Prograf

What is the most important information I should know about Prograf?

Prograf
  • Do not consume grapefruit or grapefruit juice during treatment with Prograf unless your doctor specifically directs otherwise. Prograf can interact with grapefruit and grapefruit juice, and the interaction may have dangerous effects.
  • Increased susceptibility to infection and the possible development of lymphoma (cancer of the immune system) may result from the use of an immunosuppressant such as Prograf. Discuss these risks with your doctor and avoid sources of infection.
  • Notify your doctor immediately if you develop frequent urination, increased thirst or hunger, unusual bleeding or bruising, mouth sores, abdominal pain, pale stools, darkened urine, a cough, sore throat, fever, chills, or swelling of glands. These symptoms could be early signs of dangerous side effects.
  • Tell your doctor and dentist that you are taking this medication before having surgery, starting any other medicines, or receiving any vaccinations.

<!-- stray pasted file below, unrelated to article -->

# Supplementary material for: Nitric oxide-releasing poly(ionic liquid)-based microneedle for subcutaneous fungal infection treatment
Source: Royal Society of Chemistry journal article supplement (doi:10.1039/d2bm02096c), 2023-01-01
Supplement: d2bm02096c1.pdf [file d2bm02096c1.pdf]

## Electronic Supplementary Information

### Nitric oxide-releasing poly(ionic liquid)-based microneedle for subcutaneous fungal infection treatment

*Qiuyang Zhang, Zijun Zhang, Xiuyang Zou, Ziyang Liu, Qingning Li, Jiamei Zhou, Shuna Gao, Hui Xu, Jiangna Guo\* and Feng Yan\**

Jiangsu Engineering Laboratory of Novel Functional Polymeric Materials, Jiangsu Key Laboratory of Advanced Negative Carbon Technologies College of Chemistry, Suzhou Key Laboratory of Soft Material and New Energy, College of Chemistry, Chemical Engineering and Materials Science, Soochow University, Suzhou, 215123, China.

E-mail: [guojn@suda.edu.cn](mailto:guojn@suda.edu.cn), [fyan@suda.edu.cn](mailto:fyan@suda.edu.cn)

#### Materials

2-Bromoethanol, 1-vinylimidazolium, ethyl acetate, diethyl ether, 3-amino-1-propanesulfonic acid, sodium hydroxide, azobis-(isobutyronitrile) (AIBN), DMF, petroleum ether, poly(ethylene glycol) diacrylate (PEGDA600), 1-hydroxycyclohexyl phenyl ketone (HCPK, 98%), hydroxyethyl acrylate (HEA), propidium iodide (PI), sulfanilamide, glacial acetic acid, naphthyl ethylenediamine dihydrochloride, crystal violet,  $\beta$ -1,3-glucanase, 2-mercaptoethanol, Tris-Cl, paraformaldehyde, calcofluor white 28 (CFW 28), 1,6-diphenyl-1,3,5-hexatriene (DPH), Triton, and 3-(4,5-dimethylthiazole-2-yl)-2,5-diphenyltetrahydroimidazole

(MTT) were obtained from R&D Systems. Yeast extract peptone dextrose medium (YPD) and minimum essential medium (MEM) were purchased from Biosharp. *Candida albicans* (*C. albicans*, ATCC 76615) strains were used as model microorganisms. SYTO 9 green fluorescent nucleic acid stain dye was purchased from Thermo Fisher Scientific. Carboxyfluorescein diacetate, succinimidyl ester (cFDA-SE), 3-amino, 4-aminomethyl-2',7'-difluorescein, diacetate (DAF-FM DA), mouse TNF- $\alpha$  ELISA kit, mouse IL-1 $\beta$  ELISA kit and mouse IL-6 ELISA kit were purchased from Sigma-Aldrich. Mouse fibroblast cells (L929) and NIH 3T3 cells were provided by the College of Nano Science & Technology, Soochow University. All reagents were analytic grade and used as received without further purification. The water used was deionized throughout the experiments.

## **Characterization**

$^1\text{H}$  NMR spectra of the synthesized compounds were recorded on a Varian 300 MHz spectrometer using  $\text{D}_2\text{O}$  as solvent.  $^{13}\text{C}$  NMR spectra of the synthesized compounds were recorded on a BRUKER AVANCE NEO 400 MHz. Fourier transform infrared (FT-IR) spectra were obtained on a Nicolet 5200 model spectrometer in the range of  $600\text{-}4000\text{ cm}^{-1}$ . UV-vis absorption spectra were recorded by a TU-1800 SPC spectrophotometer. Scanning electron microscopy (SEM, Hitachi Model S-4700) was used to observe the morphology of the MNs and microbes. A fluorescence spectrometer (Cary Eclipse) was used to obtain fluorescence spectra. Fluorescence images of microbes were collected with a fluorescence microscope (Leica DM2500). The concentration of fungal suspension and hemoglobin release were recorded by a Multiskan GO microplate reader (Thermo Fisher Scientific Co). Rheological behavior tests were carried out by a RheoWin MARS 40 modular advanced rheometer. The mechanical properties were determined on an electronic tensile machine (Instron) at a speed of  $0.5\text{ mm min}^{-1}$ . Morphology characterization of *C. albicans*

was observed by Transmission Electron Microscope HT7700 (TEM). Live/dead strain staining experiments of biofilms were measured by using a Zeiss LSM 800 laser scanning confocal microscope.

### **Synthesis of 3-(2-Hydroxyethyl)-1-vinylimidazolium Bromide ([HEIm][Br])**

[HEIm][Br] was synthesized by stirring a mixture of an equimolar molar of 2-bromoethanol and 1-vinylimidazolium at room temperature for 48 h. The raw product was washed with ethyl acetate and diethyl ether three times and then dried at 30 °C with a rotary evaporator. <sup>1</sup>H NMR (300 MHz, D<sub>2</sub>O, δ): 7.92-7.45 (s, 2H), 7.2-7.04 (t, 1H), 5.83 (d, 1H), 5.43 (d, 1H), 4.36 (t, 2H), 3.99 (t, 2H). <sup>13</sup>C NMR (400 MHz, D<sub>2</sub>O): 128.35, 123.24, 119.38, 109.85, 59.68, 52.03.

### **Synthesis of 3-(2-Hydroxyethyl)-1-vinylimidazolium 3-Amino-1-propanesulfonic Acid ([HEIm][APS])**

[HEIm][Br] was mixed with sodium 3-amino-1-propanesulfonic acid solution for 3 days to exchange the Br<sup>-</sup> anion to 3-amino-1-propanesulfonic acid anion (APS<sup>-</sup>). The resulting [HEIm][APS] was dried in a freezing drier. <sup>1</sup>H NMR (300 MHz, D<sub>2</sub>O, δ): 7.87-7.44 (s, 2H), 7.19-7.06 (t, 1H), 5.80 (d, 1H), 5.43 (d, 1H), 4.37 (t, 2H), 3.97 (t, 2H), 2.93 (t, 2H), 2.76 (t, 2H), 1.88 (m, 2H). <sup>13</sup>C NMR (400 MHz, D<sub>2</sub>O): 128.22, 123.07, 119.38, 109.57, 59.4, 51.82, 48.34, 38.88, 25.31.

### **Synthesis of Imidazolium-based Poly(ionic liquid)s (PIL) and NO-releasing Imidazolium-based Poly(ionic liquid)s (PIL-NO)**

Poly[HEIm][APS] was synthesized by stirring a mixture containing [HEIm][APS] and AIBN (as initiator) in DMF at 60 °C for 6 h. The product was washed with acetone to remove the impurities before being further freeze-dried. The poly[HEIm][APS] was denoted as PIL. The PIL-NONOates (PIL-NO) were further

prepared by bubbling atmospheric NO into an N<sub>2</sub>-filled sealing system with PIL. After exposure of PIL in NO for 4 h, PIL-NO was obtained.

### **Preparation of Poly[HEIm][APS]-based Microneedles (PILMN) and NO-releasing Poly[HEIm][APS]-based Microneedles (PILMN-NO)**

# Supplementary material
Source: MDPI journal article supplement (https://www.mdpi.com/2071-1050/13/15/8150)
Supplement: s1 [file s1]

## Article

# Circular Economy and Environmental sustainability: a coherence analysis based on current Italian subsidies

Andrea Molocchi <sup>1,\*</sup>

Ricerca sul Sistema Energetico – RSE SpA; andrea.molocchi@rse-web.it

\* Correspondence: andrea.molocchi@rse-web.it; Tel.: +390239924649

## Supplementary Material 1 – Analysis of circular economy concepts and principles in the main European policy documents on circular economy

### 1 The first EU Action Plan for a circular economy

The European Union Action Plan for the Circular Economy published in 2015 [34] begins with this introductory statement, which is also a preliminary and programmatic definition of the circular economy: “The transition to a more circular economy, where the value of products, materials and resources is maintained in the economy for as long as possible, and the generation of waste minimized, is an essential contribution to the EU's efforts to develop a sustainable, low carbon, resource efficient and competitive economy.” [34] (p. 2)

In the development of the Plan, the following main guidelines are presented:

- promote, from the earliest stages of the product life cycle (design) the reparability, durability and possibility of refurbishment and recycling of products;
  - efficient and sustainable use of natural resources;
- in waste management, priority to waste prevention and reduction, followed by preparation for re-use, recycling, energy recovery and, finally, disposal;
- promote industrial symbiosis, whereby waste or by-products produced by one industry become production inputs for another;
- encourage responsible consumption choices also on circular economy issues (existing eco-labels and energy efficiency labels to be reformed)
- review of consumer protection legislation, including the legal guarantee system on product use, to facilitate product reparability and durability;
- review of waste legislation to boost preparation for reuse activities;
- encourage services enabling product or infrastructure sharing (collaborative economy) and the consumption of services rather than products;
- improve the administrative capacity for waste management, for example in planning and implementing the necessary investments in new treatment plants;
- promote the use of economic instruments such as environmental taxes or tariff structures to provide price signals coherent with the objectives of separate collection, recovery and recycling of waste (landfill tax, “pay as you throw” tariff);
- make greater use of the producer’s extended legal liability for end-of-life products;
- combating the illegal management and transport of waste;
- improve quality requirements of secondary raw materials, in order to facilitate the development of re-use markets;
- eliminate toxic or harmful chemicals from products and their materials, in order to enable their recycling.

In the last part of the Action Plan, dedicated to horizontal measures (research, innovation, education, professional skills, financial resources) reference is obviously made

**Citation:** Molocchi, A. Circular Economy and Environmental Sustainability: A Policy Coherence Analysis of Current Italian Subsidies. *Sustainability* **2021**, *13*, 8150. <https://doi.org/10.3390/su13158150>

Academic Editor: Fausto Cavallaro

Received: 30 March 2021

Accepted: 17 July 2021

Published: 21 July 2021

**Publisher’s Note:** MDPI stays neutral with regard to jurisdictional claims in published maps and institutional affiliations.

What is Prograf?

  • Prograf is an immunosuppressant. Immunosuppressants decrease the effects of your body’s immune system.
  • Prograf is used to prevent your body from rejecting a liver or kidney transplant. It is usually combined with a steroid medication.
  • Prograf may also be used for purposes other than those listed in this medication guide.

Who should not take Prograf?

Prograf 1 mg
  • Before taking Prograf, tell your doctor if you
     have kidney disease;
    · have liver disease;
    · have a viral, bacterial, or fungal infection;
    · have epilepsy or another seizure disorder;
    · have diabetes;
    · have high blood pressure;
    · have any other serious or chronic medical condition; or
    · are taking potassium supplements (e.g., K-Dur, Klor-Con) or potassium-sparing diuretics such as amiloride (Midamor), spironolactone (Aldactone), or triamterene (Dyrenium, Dyazide, Maxzide).